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Why a new web server? LiteSpeed Review
Indepth review of LiteSpeed Web Server (LSWS).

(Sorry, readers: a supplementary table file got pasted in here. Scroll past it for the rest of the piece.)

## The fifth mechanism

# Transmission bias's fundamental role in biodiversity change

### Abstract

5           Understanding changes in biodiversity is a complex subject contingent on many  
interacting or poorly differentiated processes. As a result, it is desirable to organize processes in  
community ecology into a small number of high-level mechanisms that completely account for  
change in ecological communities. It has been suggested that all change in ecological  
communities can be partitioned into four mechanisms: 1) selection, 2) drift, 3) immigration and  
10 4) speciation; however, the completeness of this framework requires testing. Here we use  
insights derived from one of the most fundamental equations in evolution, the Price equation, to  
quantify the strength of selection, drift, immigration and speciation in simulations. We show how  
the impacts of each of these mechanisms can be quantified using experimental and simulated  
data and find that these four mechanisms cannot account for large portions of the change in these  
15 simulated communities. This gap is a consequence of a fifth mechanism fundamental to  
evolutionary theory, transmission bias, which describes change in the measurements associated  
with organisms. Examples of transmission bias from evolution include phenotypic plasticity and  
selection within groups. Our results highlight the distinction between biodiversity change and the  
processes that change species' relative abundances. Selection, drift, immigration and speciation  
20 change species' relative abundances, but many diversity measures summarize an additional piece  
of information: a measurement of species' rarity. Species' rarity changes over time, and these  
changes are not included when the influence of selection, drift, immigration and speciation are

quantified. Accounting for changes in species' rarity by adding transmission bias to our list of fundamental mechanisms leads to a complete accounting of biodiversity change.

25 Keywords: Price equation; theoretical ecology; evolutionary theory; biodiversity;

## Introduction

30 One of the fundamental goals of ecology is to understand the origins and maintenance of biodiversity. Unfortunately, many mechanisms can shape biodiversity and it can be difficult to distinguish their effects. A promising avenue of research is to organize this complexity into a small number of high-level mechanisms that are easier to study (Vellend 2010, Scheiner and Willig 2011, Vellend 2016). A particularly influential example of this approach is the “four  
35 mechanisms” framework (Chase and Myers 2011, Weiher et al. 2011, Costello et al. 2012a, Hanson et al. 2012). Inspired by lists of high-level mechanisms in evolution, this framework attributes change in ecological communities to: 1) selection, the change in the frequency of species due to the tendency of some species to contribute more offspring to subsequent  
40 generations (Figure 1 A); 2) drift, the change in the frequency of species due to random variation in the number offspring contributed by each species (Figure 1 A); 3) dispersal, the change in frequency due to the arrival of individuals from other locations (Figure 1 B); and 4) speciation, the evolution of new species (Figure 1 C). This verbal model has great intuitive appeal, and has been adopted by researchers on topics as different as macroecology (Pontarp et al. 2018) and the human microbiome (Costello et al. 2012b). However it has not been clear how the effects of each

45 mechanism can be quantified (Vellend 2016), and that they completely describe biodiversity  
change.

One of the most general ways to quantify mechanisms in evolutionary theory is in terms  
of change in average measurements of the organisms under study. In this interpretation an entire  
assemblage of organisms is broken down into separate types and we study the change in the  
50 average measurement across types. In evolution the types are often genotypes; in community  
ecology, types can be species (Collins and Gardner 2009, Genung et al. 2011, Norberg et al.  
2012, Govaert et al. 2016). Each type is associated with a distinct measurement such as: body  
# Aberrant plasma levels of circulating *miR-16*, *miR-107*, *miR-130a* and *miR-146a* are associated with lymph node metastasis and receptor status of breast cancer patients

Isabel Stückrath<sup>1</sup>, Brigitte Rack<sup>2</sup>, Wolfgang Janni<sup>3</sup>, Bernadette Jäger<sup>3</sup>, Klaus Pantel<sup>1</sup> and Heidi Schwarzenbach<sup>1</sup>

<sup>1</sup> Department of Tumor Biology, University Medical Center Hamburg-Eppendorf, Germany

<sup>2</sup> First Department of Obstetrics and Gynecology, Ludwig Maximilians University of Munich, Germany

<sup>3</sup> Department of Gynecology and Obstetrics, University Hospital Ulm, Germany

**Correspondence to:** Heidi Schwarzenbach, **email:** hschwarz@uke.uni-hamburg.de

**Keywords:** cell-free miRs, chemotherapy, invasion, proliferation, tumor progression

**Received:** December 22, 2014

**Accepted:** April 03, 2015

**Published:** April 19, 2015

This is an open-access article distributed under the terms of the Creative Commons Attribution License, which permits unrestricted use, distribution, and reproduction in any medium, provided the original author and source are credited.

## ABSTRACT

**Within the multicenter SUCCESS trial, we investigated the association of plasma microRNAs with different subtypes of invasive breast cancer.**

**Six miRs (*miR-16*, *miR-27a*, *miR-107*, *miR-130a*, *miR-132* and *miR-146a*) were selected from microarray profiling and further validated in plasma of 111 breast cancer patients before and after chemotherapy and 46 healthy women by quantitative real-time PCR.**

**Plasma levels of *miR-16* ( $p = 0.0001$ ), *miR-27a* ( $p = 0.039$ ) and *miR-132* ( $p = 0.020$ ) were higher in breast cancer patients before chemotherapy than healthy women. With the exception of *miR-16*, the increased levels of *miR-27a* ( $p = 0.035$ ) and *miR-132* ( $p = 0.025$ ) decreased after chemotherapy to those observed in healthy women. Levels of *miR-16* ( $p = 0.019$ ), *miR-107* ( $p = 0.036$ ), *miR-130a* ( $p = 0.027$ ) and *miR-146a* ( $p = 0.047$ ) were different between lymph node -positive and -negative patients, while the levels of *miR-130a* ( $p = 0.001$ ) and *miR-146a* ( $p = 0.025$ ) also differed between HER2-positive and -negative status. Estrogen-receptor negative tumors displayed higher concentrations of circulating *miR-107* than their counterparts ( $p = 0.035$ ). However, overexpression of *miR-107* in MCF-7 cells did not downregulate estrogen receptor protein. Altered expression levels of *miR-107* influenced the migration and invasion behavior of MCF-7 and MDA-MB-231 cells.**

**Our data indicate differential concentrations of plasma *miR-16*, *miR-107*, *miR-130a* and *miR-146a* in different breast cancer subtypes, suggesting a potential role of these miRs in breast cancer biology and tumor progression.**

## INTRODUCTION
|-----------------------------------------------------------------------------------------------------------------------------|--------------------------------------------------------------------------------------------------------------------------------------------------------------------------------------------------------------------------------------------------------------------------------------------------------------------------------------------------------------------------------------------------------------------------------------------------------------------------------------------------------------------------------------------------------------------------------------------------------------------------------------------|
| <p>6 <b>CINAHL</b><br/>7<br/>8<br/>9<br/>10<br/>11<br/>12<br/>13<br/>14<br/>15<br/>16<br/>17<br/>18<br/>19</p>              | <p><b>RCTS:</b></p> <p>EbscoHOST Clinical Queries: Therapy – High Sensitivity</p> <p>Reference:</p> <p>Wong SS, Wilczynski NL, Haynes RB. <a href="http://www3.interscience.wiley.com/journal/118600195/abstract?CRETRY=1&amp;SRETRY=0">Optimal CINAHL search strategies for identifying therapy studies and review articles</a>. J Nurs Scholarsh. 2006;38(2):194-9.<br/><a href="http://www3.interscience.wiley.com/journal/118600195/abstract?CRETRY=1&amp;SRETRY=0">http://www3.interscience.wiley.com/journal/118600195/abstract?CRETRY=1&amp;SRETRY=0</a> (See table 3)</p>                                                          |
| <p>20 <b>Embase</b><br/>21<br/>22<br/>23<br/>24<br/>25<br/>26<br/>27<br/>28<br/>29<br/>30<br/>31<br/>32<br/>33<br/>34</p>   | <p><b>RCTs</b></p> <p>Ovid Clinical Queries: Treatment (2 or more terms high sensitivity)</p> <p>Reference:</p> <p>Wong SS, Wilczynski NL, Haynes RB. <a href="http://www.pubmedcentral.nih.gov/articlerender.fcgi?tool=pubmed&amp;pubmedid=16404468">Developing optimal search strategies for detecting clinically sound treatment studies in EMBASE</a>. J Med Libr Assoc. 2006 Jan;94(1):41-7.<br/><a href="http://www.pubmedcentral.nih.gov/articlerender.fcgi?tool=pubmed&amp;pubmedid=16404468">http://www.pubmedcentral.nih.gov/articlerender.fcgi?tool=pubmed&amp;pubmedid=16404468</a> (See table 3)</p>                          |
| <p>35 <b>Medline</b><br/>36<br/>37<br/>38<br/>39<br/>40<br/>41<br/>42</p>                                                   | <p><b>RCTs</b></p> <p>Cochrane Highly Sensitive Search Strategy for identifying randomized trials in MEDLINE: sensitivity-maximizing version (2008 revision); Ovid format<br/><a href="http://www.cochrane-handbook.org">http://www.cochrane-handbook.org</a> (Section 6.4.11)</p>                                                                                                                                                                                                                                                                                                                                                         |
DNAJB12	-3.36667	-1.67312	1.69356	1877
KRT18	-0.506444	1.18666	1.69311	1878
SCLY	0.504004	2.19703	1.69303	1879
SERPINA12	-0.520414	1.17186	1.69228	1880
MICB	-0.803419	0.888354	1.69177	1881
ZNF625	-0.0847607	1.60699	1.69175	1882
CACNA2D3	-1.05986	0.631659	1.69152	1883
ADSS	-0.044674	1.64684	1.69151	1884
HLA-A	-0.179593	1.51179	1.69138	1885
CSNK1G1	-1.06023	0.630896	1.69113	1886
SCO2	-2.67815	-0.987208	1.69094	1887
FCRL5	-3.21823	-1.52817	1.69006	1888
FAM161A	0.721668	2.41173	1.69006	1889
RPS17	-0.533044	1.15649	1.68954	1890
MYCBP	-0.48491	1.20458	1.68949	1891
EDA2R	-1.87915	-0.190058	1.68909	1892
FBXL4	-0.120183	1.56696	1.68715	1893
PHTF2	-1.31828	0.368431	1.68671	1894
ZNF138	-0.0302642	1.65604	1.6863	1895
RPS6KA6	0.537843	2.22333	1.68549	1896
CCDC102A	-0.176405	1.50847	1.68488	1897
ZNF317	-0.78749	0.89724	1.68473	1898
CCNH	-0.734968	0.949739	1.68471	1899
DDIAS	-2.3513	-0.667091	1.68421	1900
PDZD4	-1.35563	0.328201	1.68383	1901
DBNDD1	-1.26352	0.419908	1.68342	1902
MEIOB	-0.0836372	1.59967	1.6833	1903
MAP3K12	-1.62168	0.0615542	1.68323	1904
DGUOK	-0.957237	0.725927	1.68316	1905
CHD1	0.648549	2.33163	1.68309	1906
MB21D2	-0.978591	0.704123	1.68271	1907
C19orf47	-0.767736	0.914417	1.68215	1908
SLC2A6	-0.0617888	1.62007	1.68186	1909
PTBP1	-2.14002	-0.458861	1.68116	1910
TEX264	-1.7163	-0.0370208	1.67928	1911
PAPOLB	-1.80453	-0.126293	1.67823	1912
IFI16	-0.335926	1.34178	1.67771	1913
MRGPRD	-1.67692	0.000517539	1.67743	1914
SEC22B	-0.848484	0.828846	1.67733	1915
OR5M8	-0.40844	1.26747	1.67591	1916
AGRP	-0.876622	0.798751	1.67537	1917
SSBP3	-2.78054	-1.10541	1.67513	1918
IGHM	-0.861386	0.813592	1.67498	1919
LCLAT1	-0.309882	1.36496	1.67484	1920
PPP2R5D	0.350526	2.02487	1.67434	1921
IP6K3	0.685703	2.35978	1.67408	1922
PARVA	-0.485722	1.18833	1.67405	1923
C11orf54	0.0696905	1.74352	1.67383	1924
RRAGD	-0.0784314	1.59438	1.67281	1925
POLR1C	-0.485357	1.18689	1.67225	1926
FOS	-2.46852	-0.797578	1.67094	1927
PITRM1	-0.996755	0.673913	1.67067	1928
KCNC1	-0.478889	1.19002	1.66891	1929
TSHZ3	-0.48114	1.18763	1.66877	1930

<p><br />Today it’s quite hard for a web host to stay up-to-date with all the latest programming languages. There is a demand to have PHP version 4 and PHP version 5 (did you know that PHP version 4 goes end-of-life at the end of 2007) as well as Ruby on Rails (RoR). Trying to implement all of these with Apache can get quite troublesome. You can run one version of PHP as an Apache module but the other has to run as a CGI. That can cause quite a performance hit. Apache also does not handle RoR. You’d have to setup something like Mongrel or fastcgi and that just introduces more issues and complexity. Besides all of that complexity you’d also like this to work with your existing control panel (right)?<br />This is where we make the leap from old tried-and-true Apache to LiteSpeed Web Server (LSWS). You may not have heard a lot about LSWS but hopefully this article will change that. LSWS was developed to be a high-speed web server and remove a lot of the bottlenecks associated with Apache. Let’s start out with a simple pro’s vs. cons for LSWS.</p><p>Pro’s<br />Can read existing Apache configuration files<br />Can process most mod_rewrite rules<br />Supports cPanel, DirectAdmin, Plesk and Ensim control panels<br />Supports .htaccess configuration files<br />Supports mod_secuirty rules<br />Can run PHP V4 and V5 side by side on the same server<br />Built in DoS protection (bandwidth throttling, per IP connection limits and per IP request throttling)<br />Real time reports of server status<br />Lets you quickly revert to previous versions after upgrade<br />Integrated RoR support<br />Reloads automatically when Apache configuration file is changed</p><p>Con’s<br />Expensive (licensed per CPU)<br />Yearly maintenance fee<br />Optional email support / free community support</p><p>Installation and Configuration<br />One of the really nice things about LSWS is that you can easily configure it to run on an alternate port and test it out without having to change Apache or modify your Apache configuration. For an example of the installation we’re going to assume you are running a cPanel server. This is going to be a very slimmed down install and you can read the full installation documentation on the LiteSpeed Wiki.</p><p>1.Download the LSWS software<br />2.Upload the software to your server / untar the file<br />3.Copy your trial license per the information in the trial license email<br />4.Run the install.sh script</p><p>At this point the install script is going to ask you a lot of questions. The key ones are:<br />Choose an admin user-id/password<br />Run LSWS as (user/group) nobody/nobody<br />Run LSWS on port 2080<br />Choose PHP support<br />Choose .php for the PHP suffix<br />Don’t turn on PHP opcache<br />Don’t turn on AWStats<br />Don’t import Apache configuration (at this time)<br />Let LSWS start on system restart<br />Start LSWS </p><p>That’s it and LSWS is installed. You can now access the LSWS admin console at <a href="http://youripaddress:7080/">http://youripaddress:7080</a> (make sure that both port 7080 (admin interface) and 1080 (temp web address) are open on your firewall.</p><p>Next we’ll walk through a brief configuration and then you’ll be able to test out LSWS while Apache is still running.</p><p>Choose “Configuration / Server / General” from the administrative console menu. We’ll set the following options:<br />Load Apache Configuration => Yes<br />Auto Reload On Changes => Yes<br />Apache Configuration File => /usr/local/apache/conf/httpd.conf<br />Apache Port Offset => 1000<br />Apache IP Offset => 0<br />PHP suExec => this should be “no” if you are currently not running php-suexec and “yes” if you are running php-suexec.<br />PHP suExec Max Conn => 5 (only has meaning if you have php-suexec set to “yes”)<br />Next you can go to the “HT access” section. Check Limit, Auth, FileInfo, Indexes, Options and uncheck none (this will match the default cpanel .htaccess privileges).<br />You can then restart LSWS from the administrative console or from command line by executing “service lsws restart”. Once you have restarted LSWS choose “General” from the administrative menus and you should see a list of the virtual hosts for that server. You can now begin your preliminary testing by accessing an existing site on the server as <a href="http://www.domain.tld:1080/">http://www.domain.tld:1080</a> or secure site via <a href="https://www.domain.tld:1443/">https://www.domain.tld:1443/</a></p><p>Rebuilding PHP the next step<br />One of the reasons that I said you would be performing preliminary testing is that LSWS ships with a pre-built PHP module. That PHP module may not have all the options you want or need built in so you’re going to have to build your own PHP. While this process may seem scary it’s pretty well documented on the LiteSpeed Wiki. Before we dive into building PHP I need to touch on LSAPI or the LiteSpeed Server Application Programming Interface. The LSAPI is simply an interface that sits between the LSWS and PHP or Ruby. The LSAPI allows PHP to basically run as fast as an Apache module when in fact it runs much more like a CGI/php-suexec process. Here is a high level overview on how to build PHP with the LSAPI (again check the LiteSpeed Wiki for the gory details):<br />Download whatever PHP version you want to your server<br />Extract the tarball<br />cd to the sapi directory<br />download and then extract the PHP lsapi<br />move back up a directory (i.e. cd ..)<br />run “touch ac*”<br />run “./buildconf –force”</p><p>At this point you are ready to perform the traditional “configure, make, make install” of just about every Open Source “c” program. There are 3 key configure options you’ll want to set:</p><p>-- prefix=/some/directory<br />This is going to be the directory where PHP libraries, PEAR etc. get installed. You have a choice here as to where you want PHP installed. LiteSpeed support suggests installing PHP in the same directory as cPanel installs PHP (if you have a cPanel server). This gives you the most compatibility with cPanel. I prefer to install it in a totally separate directory and then using the php.ini file to bring in the cPanel compiled libraries (like PEAR etc.).</p><p>-- with-litespeed</p><p>This tells the configuration process that you want to use the LSAPI</p><p>--with-config-file-path=</p><p>This is the full path (or a relative path) to your php.ini file</p><p>You’ll then want to add on all the other configure options that you are currently running. There are several methods to extract this information from command line php or you can simply create a phpinfo() page and look at the configuration options there.<br />Once the build completes, you will want to copy your new php module (which will be called php under the sapi/litespeed directory) over to the LSWS fcgi-bin directory (it’s called lsphp in that directory by default). Restart LSWS and you will now be running your custom compiled PHP.</p><p>LSWS can’t do everything (yet)<br />One thing that LSWS can’t handle is Server Side Includes (SSI). This can be easily handled with LSWS by simply proxying the request back to your existing Apache web server (yes, if you have SSI you’ll have to keep Apache around). The configuration is done via the administrative web console by specifying the extensions (normally .shmtl) to proxy back to Apache.<br />Currently the LSAPI can’t handle .phps (PHP pages that show the source code) so you’ll have to proxy those pages back also (again by the extension). We’re told that a future version of the LSAPI will handle .phps pages but the proxying will work for now.<br />While keeping the existing Apache server around may sound bad, it’s really necessary. The biggest reason is that cPanel (and many other control panels) simply expect it to be there. When you add a new site to cPanel (or any other control panel that I know of) it will attempt to restart Apache (because that is what it believes is serving up the web pages). If Apache is not there the control panel is going to complain loudly that it can’t restart Apache. The good news here is that since Apache is not serving up many pages (most likely just SSI pages) it won’t take much memory or resources.</p><p>LiteSpeed Costs<br />As previously mentioned in this article LSWS is not free software. There are both purchase and lease options available. The following table is a summary of the pricing (as of this article):</p><p>Version Owned Yearly Lease Monthly Lease<br />VPS $249 $150 $14<br />1 CPU-Core $449 $349 $32<br />2 CPU-Core $799 $449 $46<br />4 CPU-Core $1299 $699 $65</p><p>Maintenance is $99 / year and $50 per additional CPU-Core (so a 2 CPU-Core maintenance would be $149). Maintenance is strictly for software updates and does not include email support.</p><p>As a note, you don’t actually have to match the license to your physical hardware specification. In other words if you have a 4 CPU-Core server you can buy a 2 CPU-Core license. The 2 CPU-Core license is optimized for a 2 CPU-Core server and it will simply ignore the extra CPU-Cores and other processes (like PHP) can use the extra 2 cores.</p><p>Conclusion<br />While the price tag on LSWS may be a bit hard to swallow from the authors experience, the cost has justified itself:<br />We are now running PHP V4/V5 on the same server and clients are very happy<br />We’ve reduced memory utilization<br />Server load has been lowered<br />We’re able to run more sites on the same hardware avoiding new hardware costs.</p>